Not only is ice hockey the fastest team sport, it also is the only major sport that permits substitutions while play is in progress.
That combination sometimes results in confusion, as was the case Tuesday night in Pittsburgh, when a botched line change by the Washington Capitals helped Pittsburgh's Mario Lemieux score the winning goal in overtime.
Lemieux said he knew the Capitals were in trouble when he saw the chaotic scene in front of their bench. So did Bryan Murray, but a coach is not a puppeteer and Murray could do nothing at that stage but pray that Lemieux would not score, a plea that went unanswered.
At least three Capitals violated conditions for leaving the ice without a stoppage in play. Larry Murphy did not dump the puck deep enough in the Pittsburgh end; Greg Adams and Bob Gould skated off while the Penguins had control in the neutral zone.
The change was so confused that Kevin Hatcher, stepping on to replace Murphy, feared Washington would be penalized for an extra man when Murphy was slow to get off and took himself out of the play.
"Last night, we made a critical mistake and it's something we've had problems with this season," Murray said. "Ironically, Fred Shero two years ago made the comment that we were the most efficient team in the league at making line changes.
"I guess we take it as second nature. We've played 53 games now and we've changed on the fly so many times, there shouldn't be a mistake. We don't practice it a lot, but it's talked about enough."
The Capitals have firm directives in that area, the most important forbidding a change while the puck is heading toward the Washington net.
"The best time to change is when you put the puck deep in the opponent's end," Murray said. "If we have definite control in the neutral zone and there's not a lot of pressure, we can make a controlled line change with two forwards and have the third man wait until the puck goes forward. But those are basically the only times, other than a stoppage of play. You just have to hang tough even if you're tired -- and, no question, our guys were tired last night."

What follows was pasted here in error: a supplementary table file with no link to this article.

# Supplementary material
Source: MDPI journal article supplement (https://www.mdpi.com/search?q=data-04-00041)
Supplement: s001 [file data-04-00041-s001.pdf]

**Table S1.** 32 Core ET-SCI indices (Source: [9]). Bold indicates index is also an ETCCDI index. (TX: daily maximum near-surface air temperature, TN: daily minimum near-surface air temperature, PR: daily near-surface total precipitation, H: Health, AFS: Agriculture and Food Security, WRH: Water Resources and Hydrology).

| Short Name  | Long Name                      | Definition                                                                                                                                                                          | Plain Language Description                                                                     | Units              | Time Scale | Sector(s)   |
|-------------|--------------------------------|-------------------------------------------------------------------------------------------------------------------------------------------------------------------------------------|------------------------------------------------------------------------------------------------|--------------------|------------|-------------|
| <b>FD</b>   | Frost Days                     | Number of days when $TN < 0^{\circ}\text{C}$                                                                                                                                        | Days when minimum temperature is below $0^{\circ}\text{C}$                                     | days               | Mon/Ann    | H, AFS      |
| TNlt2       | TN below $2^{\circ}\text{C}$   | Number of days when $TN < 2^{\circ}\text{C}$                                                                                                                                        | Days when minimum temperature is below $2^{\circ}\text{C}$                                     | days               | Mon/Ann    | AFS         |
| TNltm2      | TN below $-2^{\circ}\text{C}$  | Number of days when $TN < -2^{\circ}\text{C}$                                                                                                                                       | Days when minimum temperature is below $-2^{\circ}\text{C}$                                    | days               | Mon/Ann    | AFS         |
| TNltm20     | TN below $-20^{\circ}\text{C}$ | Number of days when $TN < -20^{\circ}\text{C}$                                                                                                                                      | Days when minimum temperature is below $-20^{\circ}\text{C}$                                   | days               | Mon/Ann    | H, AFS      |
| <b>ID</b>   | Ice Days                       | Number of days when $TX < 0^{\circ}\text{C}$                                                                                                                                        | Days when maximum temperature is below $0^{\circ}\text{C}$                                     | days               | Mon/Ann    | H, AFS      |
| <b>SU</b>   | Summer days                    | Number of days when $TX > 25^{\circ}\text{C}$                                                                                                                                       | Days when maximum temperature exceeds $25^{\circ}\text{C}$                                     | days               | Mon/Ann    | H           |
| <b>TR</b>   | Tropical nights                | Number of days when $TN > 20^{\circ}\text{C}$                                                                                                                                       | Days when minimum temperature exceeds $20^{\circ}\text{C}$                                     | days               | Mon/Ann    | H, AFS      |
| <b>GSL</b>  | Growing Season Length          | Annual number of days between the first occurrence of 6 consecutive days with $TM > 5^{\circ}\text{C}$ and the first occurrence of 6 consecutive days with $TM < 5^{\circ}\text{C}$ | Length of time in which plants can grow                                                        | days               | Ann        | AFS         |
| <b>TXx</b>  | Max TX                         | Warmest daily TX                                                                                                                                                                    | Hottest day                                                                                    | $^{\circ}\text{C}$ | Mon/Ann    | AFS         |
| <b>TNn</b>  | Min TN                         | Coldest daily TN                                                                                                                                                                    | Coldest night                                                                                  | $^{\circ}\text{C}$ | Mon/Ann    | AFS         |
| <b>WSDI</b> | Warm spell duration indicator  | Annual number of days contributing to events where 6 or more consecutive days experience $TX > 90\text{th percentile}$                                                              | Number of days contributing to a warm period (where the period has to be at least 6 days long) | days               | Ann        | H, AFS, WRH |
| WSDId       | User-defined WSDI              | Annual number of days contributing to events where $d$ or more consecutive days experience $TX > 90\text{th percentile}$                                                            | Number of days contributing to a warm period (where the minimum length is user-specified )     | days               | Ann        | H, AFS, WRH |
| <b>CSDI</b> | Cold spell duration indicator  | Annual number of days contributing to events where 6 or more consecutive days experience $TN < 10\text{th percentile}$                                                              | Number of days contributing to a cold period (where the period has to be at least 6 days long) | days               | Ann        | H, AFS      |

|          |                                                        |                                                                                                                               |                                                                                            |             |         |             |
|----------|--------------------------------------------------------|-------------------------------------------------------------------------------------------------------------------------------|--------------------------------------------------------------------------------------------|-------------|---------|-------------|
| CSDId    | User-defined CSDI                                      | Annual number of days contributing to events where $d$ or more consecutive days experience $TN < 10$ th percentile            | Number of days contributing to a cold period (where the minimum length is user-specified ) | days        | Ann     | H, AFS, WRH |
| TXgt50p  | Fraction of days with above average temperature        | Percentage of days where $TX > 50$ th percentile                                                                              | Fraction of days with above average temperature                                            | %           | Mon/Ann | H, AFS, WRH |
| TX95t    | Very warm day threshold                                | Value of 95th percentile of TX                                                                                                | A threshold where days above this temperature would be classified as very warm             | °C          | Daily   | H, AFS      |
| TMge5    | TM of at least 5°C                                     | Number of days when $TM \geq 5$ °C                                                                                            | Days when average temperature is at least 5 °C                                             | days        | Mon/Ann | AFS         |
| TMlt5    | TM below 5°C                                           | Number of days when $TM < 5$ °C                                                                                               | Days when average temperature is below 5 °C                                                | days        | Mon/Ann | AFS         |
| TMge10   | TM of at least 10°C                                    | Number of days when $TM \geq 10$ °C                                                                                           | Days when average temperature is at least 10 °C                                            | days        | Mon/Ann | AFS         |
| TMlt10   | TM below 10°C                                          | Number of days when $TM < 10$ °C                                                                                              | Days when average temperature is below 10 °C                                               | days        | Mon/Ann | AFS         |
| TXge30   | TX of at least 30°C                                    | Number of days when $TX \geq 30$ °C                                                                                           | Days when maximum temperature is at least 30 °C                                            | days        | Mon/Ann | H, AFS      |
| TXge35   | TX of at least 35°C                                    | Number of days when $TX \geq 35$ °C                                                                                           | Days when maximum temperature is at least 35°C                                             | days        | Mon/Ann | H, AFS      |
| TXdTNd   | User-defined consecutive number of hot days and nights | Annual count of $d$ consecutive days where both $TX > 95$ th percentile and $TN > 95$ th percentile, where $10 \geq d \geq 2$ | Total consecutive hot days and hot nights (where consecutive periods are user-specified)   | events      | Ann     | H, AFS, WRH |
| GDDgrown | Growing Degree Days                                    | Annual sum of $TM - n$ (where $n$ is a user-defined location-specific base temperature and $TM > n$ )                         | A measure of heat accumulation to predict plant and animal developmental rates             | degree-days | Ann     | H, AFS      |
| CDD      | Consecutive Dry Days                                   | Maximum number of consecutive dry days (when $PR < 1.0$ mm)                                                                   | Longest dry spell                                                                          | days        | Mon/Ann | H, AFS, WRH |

NHL Rule 18, which governs a substitution on the fly, is rather vague, basically forbidding the oncoming player from touching the puck or opponent until the man he is replacing has reached the bench. So far this season, Washington has received six minor penalties for having too many men on the ice, three in successive games from Oct. 31-Nov. 6.
"We cheat so much in that area now," Murray said. "It used to be a guy had to be five to eight feet from the bench before a sub could go on, then it was 10 feet and now everything's left to the official's discretion.
"The Edmonton Oilers really started it. They'd have a guy at one blue line coming off at the same time a guy was leaving the bench at the other blue line. It was a great way to stop -- or start -- a three-on-two and now everybody's doing it. We try to bend the rule as much as we can."
Murray notifies the oncoming line or defensive pairing to be ready for a change and the player must make a judgmental decision to jump out as the man he is replacing heads for the bench. Obviously, it is imperative that a departing player get off the ice and not be tempted to stay out there if the puck heads his way.
All Washington shifts are timed by trainer Stan Wong and Murray considers 45 seconds ideal if the players are working hard. Sometimes, Murray will summon players off sooner, usually with a wave of a paper, if he is trying to obtain favorable matchups. The home team has right of last change during a stoppage, so substitutions on the fly can be a valuable tool to restore desirable pairings.
Murray frequently adjusts lines and defense pairings during a game, complicating life for the players.
"I think it's good for them," Murray said. "They have to pay attention and react. It keeps their heads in the game."